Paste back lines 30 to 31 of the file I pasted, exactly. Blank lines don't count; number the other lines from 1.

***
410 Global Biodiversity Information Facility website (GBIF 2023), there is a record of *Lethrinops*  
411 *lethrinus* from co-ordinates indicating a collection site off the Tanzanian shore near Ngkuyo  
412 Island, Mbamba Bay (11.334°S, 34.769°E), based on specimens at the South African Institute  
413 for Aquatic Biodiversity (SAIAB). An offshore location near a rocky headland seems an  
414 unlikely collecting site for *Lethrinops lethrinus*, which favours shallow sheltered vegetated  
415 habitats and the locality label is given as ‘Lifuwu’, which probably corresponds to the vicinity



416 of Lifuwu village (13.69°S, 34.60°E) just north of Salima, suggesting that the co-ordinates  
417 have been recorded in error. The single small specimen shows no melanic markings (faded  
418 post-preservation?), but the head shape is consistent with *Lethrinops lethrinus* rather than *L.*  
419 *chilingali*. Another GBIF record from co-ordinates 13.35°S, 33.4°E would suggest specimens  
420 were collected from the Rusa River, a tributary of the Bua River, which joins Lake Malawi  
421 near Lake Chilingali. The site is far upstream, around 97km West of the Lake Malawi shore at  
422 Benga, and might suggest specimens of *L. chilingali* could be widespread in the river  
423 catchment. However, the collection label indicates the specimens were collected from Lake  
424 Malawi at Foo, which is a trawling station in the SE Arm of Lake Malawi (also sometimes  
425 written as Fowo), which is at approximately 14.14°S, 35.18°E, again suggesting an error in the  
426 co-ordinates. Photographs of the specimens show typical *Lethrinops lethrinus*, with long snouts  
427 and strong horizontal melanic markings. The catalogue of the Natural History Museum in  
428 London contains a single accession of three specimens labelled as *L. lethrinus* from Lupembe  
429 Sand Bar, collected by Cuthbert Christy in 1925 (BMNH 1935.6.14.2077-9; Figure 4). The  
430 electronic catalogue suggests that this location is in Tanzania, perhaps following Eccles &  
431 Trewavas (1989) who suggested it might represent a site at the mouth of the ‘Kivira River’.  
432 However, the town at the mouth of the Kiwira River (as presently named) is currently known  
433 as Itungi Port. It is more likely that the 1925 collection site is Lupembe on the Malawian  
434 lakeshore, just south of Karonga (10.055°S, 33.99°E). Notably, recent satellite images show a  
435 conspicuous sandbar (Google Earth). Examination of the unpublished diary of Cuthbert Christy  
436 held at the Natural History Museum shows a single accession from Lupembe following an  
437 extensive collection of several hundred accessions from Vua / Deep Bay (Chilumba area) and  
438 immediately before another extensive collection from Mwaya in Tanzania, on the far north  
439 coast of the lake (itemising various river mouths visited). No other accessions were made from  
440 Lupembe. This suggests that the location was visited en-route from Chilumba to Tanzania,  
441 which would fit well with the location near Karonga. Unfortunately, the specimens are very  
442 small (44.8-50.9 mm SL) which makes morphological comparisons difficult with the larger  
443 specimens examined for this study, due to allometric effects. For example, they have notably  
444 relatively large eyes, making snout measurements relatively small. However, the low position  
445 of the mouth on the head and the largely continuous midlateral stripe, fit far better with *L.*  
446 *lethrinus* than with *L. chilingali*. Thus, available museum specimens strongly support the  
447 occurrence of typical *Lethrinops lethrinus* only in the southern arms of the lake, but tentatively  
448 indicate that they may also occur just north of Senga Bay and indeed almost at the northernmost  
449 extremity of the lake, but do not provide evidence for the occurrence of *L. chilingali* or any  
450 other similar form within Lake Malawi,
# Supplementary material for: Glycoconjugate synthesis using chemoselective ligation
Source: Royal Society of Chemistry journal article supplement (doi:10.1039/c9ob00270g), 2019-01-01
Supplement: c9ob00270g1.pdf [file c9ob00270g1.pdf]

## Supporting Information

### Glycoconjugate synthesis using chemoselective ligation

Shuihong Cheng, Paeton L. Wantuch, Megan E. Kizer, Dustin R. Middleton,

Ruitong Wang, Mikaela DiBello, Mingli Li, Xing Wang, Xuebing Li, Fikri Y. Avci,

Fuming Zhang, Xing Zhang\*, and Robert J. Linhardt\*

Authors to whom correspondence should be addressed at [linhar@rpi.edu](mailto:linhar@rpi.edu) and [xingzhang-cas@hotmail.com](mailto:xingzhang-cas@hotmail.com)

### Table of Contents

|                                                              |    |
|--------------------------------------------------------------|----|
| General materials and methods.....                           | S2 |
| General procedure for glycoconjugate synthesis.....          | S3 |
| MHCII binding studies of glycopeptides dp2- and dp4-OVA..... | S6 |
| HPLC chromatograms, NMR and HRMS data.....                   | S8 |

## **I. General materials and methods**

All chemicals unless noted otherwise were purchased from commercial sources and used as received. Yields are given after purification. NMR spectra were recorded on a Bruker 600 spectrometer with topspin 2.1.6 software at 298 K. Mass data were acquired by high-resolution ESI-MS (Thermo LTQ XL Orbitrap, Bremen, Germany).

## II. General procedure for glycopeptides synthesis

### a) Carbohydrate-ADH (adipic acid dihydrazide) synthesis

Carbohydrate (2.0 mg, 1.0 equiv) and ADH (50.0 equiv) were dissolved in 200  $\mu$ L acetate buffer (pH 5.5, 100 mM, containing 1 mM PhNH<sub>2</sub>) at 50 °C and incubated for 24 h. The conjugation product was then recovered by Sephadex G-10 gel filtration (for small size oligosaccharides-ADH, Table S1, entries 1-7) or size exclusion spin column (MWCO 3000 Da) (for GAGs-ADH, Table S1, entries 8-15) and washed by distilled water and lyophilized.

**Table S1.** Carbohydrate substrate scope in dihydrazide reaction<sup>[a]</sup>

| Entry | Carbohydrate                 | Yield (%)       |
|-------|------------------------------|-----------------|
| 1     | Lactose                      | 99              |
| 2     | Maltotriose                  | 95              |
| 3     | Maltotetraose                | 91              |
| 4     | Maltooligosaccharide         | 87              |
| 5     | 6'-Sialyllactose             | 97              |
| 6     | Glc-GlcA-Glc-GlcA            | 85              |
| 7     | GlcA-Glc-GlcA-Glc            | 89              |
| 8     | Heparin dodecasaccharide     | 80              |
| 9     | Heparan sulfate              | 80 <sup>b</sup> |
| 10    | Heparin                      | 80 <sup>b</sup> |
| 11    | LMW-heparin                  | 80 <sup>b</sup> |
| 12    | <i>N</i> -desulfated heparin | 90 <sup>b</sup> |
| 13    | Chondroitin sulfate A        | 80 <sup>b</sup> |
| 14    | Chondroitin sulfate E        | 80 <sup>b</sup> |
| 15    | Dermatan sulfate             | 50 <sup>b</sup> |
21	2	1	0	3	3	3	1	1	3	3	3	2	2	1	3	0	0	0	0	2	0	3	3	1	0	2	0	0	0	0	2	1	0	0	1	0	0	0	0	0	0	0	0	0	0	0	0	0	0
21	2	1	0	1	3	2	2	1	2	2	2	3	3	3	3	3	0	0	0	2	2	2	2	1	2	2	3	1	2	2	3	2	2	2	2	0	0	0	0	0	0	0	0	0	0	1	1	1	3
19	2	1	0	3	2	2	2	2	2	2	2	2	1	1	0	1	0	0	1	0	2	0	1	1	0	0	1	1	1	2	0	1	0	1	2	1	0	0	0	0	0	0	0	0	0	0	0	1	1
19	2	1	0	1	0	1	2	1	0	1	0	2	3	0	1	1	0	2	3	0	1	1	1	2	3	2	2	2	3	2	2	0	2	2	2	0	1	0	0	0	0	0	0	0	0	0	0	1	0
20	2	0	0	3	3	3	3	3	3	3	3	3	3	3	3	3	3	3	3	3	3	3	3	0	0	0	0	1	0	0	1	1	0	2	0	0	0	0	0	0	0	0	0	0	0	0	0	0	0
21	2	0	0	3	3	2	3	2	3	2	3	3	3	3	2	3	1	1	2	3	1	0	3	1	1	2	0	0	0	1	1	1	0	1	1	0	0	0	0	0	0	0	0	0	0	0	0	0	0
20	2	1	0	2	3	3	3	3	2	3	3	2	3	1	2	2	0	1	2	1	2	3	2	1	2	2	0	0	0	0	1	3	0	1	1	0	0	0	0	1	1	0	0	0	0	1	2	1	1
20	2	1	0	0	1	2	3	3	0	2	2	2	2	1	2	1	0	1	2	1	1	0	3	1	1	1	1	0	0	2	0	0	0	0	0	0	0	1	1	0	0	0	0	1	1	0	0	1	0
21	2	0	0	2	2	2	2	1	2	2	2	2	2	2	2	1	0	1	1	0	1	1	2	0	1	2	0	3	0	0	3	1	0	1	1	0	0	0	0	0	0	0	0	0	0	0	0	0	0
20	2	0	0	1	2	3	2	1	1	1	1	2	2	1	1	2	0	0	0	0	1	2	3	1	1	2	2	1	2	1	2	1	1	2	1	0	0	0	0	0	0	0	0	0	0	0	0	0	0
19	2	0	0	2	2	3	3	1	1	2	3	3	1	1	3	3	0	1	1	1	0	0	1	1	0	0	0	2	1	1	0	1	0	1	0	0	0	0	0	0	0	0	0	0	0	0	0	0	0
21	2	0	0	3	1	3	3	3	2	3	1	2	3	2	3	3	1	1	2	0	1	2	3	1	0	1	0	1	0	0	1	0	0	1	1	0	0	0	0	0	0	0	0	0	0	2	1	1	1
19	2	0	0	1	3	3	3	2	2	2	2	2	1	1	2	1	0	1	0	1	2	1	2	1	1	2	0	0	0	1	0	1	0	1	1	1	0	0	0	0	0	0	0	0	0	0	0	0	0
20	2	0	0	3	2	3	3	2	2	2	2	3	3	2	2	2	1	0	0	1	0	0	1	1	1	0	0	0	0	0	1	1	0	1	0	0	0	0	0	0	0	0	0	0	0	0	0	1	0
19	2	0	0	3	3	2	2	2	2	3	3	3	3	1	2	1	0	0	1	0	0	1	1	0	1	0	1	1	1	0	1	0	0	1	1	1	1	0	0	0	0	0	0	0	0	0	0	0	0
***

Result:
439 coast of the lake (itemising various river mouths visited). No other accessions were made from  
440 Lupembe. This suggests that the location was visited en-route from Chilumba to Tanzania,  